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Vikram Rajan

The Importance of In-Take Forms

How not asking for the correct information can hinder company growth.

August 15, 2011
by Vikram Rajan

Do you insist on a standard in-take form, making it mandatory for anyone entering your office to fill them out? If you answered “Yes”, then skip the second paragraph. If you answered, “No,” then perhaps you’re onto something.

When visitors walk through your door they may not be clients yet, and many may not want to be presumed as clients or even prospects. By simply omitting the word client on your in-take form, you can avoid this entanglement altogether.

Visitors may just have a question or may be embroiled in an urgent crisis that needs your immediate attention, for which they can’t spare a minute with your pesky forms! Alternately, a visitor can just be a peer, a colleague or a referral source. Perhaps the person visiting is someone you respect highly or already know them … in such cases, is it necessary to have them fill an in-take form? Skipping the form by excusing your receptionist, assistant or yourself are mere justifications of poor habits like, “I had to run for the train this morning, so it’s OK for me to eat this donut.”

Benefits of In-Take Forms

Skipping the in-take form can hurt your marketing in the short term and in the long run. Why? Because it is a vital step for gathering data in an efficient way that may take hours of conversation to elicit. It also shows how organized your firm is and what you value.

If you value one-on-one time, you may want to make your in-take form interactive, by getting rid off the clipboard altogether. When visitors/clients visit, take the time to explain how and why you have made your in-take form part of your practice. Divulge how disorganized and incomplete your practice was without a standard in-take process. Reveal how clients (and colleagues) benefit: The insight you gain leads to productive conversation and advice.

Use an iPad (or another tablet) and capture the data electronically. This helps to sync all the information that you gather directly into your customer relationship management (CRM) database. Keep such a form on your website (instead of a PDF) also works wonders. You can easily tailor different in-take forms for each type of visitor (type of client, colleague, etc.) as this shows the precision of your practice.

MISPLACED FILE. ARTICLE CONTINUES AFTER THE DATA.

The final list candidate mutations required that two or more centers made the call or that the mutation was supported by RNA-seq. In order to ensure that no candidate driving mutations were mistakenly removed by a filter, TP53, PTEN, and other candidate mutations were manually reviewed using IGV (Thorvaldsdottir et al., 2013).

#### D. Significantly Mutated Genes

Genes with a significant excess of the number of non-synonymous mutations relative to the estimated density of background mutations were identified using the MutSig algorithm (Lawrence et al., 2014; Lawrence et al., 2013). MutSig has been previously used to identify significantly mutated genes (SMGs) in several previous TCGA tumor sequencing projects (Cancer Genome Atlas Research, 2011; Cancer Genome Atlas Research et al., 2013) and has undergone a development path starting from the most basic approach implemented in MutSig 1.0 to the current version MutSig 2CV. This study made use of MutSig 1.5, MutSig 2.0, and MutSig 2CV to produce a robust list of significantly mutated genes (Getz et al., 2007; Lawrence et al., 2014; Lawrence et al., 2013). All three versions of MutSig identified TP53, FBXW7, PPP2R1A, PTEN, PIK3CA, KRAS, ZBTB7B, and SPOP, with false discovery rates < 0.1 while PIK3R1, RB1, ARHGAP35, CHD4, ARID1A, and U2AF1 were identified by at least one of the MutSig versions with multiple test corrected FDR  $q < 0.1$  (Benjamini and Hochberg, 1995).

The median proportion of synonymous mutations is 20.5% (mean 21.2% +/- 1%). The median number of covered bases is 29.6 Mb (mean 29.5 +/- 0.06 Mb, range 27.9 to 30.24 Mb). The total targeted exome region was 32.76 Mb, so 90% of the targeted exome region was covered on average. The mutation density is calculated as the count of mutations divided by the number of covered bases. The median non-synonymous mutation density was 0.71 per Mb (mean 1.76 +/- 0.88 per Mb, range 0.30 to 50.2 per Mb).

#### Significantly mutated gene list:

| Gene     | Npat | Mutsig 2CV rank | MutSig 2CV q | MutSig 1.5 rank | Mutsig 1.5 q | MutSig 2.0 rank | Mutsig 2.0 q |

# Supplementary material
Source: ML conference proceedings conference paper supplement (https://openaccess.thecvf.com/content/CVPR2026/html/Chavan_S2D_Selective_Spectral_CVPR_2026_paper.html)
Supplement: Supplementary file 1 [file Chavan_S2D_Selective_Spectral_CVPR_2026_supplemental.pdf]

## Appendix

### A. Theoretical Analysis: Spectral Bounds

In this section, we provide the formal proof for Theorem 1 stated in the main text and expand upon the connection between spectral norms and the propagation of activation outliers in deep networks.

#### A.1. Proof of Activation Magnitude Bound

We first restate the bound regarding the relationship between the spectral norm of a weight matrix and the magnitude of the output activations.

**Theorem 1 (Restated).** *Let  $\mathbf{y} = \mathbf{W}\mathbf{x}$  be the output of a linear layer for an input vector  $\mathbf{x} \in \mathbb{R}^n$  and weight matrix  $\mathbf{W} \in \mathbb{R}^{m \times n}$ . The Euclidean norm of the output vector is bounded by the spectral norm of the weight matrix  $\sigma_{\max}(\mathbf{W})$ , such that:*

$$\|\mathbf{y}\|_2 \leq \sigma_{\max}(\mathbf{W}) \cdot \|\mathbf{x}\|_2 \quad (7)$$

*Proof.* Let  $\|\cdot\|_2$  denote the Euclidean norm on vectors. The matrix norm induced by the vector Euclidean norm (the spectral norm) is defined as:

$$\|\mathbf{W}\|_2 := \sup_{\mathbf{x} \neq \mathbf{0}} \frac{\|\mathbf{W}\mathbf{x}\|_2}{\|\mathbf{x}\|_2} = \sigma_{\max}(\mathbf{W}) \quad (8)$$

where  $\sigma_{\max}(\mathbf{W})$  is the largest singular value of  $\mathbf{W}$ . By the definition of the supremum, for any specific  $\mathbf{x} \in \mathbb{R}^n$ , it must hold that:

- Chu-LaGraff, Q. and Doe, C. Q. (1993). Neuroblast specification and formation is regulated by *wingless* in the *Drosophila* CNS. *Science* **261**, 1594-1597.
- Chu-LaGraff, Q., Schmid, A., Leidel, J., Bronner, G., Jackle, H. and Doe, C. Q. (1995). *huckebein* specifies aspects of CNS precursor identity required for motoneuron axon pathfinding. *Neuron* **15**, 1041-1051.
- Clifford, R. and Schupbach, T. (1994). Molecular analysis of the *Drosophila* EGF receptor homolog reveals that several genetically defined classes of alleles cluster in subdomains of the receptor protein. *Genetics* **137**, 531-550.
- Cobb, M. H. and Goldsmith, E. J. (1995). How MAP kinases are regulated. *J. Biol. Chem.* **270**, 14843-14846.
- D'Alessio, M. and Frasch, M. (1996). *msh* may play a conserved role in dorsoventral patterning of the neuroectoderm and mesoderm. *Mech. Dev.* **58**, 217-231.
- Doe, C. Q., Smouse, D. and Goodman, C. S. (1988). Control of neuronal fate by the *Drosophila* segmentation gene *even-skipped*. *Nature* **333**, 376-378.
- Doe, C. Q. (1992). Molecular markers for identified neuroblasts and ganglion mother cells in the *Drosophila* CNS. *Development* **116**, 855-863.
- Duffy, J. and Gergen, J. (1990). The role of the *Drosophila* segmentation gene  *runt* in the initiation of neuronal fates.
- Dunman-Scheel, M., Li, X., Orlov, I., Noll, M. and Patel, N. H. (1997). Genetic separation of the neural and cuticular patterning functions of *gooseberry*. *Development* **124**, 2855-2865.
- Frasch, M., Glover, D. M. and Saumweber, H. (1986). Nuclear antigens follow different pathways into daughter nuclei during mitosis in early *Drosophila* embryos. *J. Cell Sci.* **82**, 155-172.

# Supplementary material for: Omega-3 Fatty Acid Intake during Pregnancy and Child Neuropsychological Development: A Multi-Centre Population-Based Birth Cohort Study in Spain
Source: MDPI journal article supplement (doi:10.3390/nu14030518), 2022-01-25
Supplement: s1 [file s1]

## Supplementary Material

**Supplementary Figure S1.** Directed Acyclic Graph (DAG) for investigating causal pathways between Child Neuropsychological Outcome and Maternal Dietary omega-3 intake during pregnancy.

While your in-take form may be gathering the basic information, such as contact info, Social Security numbers/Employer Identification numbers, spouse/partner info, they may be in need of updating. Are you missing any modern vitals? I still come across practices that fail to ask for e-mail addresses and cell numbers. Ask your visitors their preferred method of contact and how often they would like to be contacted. Inquire whether they want to receive reminders (about relevant dates) and updates (on taxes and relevant subjects). Would they like to interact through any social networks, such as Facebook, LinkedIn or Twitter? Remember to also ask if they visited your website and read your articles as well as who recommended them to you (referral source).

Other Queries for Your In-Take Form

Does your in-take form ask about the other professionals with whom your visitors work, such as their bookkeeper, financial planner, attorneys and other (past/current) accountants? You can also ask questions about their accounting software (QuickBooks, Peachtree, ACCPACC, Quicken or have them list others not listed on your form), banking information and income. All these questions can be asked on a form or done interactively on a tablet.

Your in-take form should also list all of your areas of practice. Make sure to ask them whether they have any questions in those areas. When was the last time they addressed each of the areas in which you practice. Don’t just ask if they want your help or other yes/no questions. If it’s not urgent, we tend not to seek advice. Ask if they if they know anybody who may have questions or troubles in your areas of practice as these may be potential referrals.

Finally, your comprehensive in-take form should inquire into their character traits, values, and hobbies:

  • How organized and detail-oriented do you rate yourself?
  • Do you sit on the Boards of any organizations?
  • Do you volunteer your time?

Depending on your passions, what are their favorite pastimes, sports teams, golf courses, restaurants, wines, etc. This builds immediate rapport, and comes in handy during birthdays and holidays.

Conclusion

This is not an exhaustive checklist, rather a memory jogger and a brainstorming tool. The In-Take Form is the one of first ways you distinguish your firm. Its data are the ingredients to fruitful relationships and referrals.

Such a comprehensive in-take form can take some time for your visitors to fill out. While, it is their choice in what to answer, bottom line is this: if you don’t ask, you won’t get an answer! After all, your initial conversation is one big in-take interview. You can choose to document it on a standard form or in some other organized way. Ideally, using an iPad or a tablet not only brings novelty to a dry process, but also helps computerize data often lost in a filing cabinet.

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Vikram Rajan is the founder of phoneBlogger.net, which ghostwrites your blog articles, LinkedIn and newsletters for you, through a series of phone interviews. His PracticeMarketingBlog.com receives over 100 hits a day. He taught webinars for AICPA and has been published by the Journal of Accountancy.

© 2011